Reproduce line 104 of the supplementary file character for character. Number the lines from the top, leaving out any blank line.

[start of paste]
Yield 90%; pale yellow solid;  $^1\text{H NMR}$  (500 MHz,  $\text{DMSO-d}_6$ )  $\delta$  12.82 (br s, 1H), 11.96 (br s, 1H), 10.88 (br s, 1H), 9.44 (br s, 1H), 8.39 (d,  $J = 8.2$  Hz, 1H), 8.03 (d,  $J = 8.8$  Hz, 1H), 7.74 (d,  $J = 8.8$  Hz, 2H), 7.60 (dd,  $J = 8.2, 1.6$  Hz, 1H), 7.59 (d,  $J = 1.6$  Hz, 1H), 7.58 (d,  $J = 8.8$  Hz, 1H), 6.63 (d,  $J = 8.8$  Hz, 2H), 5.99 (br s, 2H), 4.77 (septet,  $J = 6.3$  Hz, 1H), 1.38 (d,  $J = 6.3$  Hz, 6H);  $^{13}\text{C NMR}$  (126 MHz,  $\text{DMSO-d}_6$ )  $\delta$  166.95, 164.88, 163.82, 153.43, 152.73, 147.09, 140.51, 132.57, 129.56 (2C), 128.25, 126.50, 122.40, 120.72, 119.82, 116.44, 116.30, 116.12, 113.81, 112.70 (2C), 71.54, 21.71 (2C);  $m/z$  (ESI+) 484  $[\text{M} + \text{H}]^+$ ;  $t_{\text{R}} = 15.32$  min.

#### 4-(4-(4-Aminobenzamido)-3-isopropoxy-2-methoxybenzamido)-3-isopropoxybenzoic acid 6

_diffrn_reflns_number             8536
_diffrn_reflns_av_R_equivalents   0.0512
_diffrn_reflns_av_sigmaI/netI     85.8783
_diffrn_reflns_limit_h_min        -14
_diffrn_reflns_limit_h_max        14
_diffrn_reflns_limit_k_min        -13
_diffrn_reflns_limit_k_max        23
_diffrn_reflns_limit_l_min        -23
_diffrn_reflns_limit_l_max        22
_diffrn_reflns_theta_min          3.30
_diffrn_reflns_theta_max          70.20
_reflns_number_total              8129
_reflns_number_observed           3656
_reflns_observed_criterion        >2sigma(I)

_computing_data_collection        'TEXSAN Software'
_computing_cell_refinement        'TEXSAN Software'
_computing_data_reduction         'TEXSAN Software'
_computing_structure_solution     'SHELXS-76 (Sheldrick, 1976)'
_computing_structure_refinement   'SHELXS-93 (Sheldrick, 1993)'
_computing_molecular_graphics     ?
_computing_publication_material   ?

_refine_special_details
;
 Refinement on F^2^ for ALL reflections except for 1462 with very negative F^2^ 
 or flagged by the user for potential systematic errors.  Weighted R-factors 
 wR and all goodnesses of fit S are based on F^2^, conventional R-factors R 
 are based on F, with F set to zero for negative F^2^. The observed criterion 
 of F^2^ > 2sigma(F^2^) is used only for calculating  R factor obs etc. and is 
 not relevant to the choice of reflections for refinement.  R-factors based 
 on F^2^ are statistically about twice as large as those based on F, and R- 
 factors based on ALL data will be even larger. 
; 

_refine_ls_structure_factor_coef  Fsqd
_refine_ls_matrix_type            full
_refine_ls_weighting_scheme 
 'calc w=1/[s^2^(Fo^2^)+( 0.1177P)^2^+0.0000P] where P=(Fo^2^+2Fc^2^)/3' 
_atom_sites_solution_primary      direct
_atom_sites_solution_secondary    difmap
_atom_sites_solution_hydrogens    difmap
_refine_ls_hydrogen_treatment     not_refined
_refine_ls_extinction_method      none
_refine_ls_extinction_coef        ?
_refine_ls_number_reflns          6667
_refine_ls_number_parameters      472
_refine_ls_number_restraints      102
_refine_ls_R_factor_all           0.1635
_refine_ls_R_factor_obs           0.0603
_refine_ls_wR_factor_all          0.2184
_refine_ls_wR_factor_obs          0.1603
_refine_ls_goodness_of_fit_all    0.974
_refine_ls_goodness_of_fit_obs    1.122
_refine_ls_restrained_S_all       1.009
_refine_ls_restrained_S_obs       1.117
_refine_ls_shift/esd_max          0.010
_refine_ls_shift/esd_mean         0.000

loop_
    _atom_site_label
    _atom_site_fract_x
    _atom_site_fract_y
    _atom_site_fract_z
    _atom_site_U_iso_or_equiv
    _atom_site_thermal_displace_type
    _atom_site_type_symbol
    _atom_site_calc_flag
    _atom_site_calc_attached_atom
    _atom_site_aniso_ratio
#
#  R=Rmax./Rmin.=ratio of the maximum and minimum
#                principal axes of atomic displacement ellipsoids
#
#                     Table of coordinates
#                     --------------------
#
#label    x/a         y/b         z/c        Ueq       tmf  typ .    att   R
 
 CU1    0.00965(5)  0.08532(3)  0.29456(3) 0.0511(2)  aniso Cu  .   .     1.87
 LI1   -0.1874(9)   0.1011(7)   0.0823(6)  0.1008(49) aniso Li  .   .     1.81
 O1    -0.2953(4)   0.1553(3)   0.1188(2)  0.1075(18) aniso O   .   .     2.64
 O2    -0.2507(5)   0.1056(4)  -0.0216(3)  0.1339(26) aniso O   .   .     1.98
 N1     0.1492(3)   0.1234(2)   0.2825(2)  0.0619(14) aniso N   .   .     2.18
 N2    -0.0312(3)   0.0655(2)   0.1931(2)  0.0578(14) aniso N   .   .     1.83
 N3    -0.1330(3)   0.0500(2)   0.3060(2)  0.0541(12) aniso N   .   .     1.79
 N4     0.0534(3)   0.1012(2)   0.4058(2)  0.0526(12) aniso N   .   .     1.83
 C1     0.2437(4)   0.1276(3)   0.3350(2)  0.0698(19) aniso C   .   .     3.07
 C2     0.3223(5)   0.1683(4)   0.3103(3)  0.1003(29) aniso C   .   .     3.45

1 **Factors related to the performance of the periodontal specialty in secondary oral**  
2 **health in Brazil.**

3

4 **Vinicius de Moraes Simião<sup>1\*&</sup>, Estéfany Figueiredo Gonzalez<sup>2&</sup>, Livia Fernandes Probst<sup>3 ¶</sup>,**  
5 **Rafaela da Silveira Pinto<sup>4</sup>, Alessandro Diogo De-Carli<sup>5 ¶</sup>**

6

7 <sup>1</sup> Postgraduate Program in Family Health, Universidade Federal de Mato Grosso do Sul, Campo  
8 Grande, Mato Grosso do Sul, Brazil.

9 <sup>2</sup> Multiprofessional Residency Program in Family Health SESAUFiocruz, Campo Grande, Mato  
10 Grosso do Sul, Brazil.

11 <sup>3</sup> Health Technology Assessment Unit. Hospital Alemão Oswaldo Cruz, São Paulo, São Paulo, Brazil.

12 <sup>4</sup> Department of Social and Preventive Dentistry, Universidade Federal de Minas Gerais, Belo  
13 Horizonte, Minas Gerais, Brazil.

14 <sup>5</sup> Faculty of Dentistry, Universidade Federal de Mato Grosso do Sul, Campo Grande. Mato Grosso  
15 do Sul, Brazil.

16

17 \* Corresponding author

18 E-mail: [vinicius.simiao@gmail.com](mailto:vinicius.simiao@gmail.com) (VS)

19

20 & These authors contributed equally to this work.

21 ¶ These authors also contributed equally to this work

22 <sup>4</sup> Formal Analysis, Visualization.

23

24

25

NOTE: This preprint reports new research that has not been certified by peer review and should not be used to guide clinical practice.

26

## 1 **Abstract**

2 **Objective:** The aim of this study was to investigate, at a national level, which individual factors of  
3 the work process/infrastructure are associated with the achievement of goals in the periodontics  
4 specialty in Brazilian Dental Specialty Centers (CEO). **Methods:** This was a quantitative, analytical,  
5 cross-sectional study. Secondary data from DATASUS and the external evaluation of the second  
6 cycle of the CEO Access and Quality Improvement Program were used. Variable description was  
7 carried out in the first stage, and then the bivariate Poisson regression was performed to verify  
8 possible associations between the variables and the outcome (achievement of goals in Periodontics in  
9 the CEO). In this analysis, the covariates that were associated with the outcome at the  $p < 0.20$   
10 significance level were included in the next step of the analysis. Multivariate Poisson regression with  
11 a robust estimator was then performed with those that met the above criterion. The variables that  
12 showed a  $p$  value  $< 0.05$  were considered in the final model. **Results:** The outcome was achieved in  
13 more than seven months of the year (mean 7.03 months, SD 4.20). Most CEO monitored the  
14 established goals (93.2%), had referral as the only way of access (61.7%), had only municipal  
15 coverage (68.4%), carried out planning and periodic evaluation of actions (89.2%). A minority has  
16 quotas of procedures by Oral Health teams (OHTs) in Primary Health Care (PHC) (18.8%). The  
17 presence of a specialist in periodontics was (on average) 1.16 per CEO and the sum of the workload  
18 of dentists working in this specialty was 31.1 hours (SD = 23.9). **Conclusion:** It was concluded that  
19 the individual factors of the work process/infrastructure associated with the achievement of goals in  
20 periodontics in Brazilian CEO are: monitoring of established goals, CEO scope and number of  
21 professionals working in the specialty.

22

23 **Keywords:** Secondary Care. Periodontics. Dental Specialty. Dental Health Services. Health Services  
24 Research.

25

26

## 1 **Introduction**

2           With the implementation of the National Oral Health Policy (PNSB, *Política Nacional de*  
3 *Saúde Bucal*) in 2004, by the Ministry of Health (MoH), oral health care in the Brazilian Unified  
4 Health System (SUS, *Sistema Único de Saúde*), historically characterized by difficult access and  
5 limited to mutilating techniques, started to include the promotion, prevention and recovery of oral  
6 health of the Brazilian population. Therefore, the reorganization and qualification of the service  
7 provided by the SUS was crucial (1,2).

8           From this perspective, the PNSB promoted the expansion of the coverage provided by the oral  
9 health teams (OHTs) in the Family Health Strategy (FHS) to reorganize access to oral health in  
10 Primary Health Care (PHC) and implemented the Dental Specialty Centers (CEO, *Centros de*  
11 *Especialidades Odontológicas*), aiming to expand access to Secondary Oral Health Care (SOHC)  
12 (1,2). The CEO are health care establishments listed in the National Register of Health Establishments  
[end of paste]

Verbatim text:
18 E-mail: [vinicius.simiao@gmail.com](mailto:vinicius.simiao@gmail.com) (VS)